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Cyclones


Tropical cyclone "John" December 14th 1999 off the coast of Western Australia.

Cyclones are large revolving tropical storms caused by winds blowing around a central area of low atmospheric pressure. In the southern hemisphere these tropical storms are called cyclones and rotate in a clockwise direction, while in the northern hemisphere cyclones are called hurricanes or typhoons and rotate in an anti-clockwise direction.

Cyclones develop over warm waters in the tropical regions of the oceans where areas of very low pressure are created by air being heated by the sun. This causes the air to rise very rapidly and becomes saturated with moisture that condenses into large thunderclouds.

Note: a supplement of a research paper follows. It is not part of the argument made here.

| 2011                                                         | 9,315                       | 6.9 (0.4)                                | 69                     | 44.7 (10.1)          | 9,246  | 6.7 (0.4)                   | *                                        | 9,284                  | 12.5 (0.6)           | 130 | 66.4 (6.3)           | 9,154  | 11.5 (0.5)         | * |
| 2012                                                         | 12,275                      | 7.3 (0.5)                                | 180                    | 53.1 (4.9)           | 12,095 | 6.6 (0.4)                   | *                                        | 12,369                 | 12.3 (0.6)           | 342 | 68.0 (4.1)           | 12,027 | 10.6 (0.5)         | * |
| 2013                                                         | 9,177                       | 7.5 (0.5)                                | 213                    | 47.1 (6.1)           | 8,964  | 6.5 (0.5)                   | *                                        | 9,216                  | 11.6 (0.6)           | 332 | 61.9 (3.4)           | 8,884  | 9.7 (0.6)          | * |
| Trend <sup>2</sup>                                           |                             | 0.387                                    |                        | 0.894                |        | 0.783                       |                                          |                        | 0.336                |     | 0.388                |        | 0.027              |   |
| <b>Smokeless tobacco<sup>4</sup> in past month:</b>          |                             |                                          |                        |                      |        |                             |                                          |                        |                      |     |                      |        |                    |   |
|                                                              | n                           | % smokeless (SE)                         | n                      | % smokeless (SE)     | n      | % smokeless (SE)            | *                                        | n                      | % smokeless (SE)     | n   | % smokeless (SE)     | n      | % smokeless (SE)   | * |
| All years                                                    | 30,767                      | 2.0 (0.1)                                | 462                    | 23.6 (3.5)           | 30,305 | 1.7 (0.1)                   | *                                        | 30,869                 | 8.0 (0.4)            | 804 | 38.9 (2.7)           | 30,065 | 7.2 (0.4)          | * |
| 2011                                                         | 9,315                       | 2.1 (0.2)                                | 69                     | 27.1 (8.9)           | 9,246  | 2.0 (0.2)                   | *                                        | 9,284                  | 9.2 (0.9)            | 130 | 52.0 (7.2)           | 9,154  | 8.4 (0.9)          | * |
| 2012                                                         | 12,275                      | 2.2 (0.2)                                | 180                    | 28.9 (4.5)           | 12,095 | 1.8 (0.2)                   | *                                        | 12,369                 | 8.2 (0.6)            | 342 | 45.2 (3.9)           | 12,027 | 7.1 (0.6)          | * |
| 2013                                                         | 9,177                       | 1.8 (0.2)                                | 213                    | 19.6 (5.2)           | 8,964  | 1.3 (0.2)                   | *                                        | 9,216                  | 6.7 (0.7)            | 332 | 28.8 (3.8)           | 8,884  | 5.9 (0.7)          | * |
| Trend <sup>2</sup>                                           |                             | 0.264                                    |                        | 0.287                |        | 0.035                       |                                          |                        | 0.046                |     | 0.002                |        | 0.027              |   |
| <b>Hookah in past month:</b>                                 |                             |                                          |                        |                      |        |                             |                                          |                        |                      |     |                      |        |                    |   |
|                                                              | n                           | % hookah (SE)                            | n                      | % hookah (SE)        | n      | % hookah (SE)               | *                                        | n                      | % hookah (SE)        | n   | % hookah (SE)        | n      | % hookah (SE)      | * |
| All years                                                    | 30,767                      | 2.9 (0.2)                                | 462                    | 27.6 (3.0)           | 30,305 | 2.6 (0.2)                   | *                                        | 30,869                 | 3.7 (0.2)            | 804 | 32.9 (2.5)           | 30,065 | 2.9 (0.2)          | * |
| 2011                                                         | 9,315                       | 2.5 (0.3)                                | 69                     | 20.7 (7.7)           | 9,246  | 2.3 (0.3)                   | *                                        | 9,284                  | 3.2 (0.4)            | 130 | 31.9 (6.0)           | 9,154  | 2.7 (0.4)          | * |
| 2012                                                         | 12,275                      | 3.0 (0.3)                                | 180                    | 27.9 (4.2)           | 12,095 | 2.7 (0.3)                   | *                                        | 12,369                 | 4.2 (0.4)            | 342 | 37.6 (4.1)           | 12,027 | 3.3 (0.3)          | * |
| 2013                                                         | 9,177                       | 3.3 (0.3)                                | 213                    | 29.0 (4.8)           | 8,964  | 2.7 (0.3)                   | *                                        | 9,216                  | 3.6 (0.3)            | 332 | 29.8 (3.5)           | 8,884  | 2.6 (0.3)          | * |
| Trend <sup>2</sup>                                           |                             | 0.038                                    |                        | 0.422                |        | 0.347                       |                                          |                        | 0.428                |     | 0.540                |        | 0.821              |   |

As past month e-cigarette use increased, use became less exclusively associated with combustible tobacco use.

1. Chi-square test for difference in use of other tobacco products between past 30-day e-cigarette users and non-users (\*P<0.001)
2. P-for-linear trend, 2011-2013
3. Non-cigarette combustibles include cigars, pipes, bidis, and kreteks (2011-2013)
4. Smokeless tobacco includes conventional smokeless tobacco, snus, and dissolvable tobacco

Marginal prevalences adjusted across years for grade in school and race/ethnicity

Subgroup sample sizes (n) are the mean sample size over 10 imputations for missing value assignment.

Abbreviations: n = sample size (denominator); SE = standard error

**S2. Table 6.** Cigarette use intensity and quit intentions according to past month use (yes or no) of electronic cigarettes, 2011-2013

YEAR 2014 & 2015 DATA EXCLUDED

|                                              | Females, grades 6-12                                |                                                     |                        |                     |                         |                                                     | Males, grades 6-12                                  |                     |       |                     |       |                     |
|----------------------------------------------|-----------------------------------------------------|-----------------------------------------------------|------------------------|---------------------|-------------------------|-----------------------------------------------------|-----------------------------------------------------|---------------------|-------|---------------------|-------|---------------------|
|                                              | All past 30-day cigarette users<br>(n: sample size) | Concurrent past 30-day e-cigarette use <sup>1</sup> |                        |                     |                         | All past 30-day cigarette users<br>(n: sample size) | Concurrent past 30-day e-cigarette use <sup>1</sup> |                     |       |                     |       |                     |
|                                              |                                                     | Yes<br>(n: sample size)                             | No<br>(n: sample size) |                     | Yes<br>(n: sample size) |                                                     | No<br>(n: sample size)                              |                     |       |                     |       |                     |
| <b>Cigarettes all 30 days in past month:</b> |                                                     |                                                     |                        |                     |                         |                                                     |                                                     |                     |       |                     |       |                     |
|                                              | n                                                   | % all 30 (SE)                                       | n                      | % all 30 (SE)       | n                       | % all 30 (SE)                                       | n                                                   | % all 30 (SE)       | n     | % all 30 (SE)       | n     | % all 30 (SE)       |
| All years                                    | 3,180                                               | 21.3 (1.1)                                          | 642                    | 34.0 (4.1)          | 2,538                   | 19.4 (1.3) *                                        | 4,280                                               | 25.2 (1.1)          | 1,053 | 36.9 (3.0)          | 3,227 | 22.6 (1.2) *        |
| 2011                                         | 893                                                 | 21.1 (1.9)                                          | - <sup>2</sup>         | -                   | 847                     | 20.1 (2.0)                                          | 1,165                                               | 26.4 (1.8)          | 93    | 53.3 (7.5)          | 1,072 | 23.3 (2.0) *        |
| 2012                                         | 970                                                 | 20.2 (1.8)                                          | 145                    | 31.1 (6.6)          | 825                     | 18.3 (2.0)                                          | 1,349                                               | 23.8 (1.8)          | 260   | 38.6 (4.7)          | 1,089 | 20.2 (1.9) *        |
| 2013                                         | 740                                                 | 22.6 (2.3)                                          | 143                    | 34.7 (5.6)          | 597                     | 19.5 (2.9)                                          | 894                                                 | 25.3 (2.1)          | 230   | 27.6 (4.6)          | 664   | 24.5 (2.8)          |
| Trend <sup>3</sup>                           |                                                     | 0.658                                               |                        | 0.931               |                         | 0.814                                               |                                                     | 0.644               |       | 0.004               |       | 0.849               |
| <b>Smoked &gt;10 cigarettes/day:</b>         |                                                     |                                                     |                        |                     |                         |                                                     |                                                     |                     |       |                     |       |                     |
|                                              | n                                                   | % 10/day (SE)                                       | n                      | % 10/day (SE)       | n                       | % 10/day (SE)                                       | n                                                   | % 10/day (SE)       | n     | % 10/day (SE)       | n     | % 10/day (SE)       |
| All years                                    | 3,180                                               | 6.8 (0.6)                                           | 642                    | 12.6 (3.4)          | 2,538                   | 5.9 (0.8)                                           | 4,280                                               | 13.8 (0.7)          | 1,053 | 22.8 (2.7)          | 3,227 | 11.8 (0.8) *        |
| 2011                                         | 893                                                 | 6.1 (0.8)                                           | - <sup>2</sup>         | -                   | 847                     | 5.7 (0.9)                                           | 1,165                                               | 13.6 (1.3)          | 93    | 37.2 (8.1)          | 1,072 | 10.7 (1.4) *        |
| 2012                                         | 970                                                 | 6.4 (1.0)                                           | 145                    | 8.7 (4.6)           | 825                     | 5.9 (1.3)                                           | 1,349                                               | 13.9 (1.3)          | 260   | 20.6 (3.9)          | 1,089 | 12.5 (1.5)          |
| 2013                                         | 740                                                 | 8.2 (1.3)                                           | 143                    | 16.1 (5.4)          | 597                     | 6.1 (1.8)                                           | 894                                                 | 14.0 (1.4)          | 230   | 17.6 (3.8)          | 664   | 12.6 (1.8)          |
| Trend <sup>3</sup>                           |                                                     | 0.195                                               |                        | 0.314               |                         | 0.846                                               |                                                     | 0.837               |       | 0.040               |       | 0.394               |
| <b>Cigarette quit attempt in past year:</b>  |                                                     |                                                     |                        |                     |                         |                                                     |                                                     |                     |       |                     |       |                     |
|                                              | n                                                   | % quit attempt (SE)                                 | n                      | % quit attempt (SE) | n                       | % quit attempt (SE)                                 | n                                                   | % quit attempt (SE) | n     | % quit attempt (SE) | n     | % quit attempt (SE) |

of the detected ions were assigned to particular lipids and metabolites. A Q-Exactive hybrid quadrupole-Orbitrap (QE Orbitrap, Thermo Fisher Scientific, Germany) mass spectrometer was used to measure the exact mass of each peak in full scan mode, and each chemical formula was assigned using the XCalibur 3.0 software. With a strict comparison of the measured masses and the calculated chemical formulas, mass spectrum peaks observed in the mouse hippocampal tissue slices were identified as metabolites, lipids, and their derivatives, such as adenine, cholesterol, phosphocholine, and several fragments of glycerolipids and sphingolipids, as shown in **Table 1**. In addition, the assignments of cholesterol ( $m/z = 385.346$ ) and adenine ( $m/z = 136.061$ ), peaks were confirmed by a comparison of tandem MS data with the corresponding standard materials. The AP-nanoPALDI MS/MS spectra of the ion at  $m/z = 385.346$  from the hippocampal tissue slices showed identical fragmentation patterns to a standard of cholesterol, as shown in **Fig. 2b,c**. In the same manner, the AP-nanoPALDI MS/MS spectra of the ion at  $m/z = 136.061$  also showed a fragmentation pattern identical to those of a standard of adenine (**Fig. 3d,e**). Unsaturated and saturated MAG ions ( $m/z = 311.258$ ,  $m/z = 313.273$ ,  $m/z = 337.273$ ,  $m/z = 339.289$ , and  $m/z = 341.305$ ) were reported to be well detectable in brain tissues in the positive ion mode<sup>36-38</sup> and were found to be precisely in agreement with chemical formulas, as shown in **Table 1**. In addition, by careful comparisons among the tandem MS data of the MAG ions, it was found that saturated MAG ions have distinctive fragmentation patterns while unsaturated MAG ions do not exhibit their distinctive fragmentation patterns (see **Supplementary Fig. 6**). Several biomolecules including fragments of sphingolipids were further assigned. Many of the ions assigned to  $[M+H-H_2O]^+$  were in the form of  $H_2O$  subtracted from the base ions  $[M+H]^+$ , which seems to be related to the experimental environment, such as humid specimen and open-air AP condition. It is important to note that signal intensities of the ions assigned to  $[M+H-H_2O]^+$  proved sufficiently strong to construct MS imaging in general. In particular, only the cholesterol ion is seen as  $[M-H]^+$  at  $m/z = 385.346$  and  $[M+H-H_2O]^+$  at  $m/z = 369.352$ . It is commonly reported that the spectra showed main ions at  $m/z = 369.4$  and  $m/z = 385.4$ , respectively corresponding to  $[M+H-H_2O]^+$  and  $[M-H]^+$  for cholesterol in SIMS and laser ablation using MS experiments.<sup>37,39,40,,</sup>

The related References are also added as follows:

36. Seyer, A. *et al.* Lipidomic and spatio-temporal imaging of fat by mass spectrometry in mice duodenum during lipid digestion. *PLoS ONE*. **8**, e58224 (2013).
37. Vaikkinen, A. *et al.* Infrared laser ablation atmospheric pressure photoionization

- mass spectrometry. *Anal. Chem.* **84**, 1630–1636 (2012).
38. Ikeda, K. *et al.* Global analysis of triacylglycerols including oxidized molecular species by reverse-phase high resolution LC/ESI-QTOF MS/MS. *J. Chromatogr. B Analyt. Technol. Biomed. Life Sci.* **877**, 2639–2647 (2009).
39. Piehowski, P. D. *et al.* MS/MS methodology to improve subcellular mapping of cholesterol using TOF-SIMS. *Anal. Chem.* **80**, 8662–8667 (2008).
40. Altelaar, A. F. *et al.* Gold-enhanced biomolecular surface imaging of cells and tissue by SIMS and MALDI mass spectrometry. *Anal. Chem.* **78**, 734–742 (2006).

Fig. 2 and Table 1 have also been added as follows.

A map showing the tracks of cyclones in Australia over the past 70 years. (~400 have crossed the Australian coast in this period).

Cool air rushes in to fill the void and is bent inwards and spirals upwards with a great force caused by the coriolis effect of the earth spinning on its axis. The result of all this is - the winds begin to rotate faster and form a large rotating weather system, in some cases up to several thousand km in diameter. In the centre of this system there usually is a cloudless, calm area called "The Eye", with no rain and very light winds.

The cyclone is now being sustained by a steady flow of warm, moist air being sucked in from the warm waters it is moving over. A wall of towering clouds form around the eye of the cyclone and it is here where the heaviest rains and strongest winds are recorded.

Further information about cyclones and weather system,
Bureau of Meteorology, Townsville Qld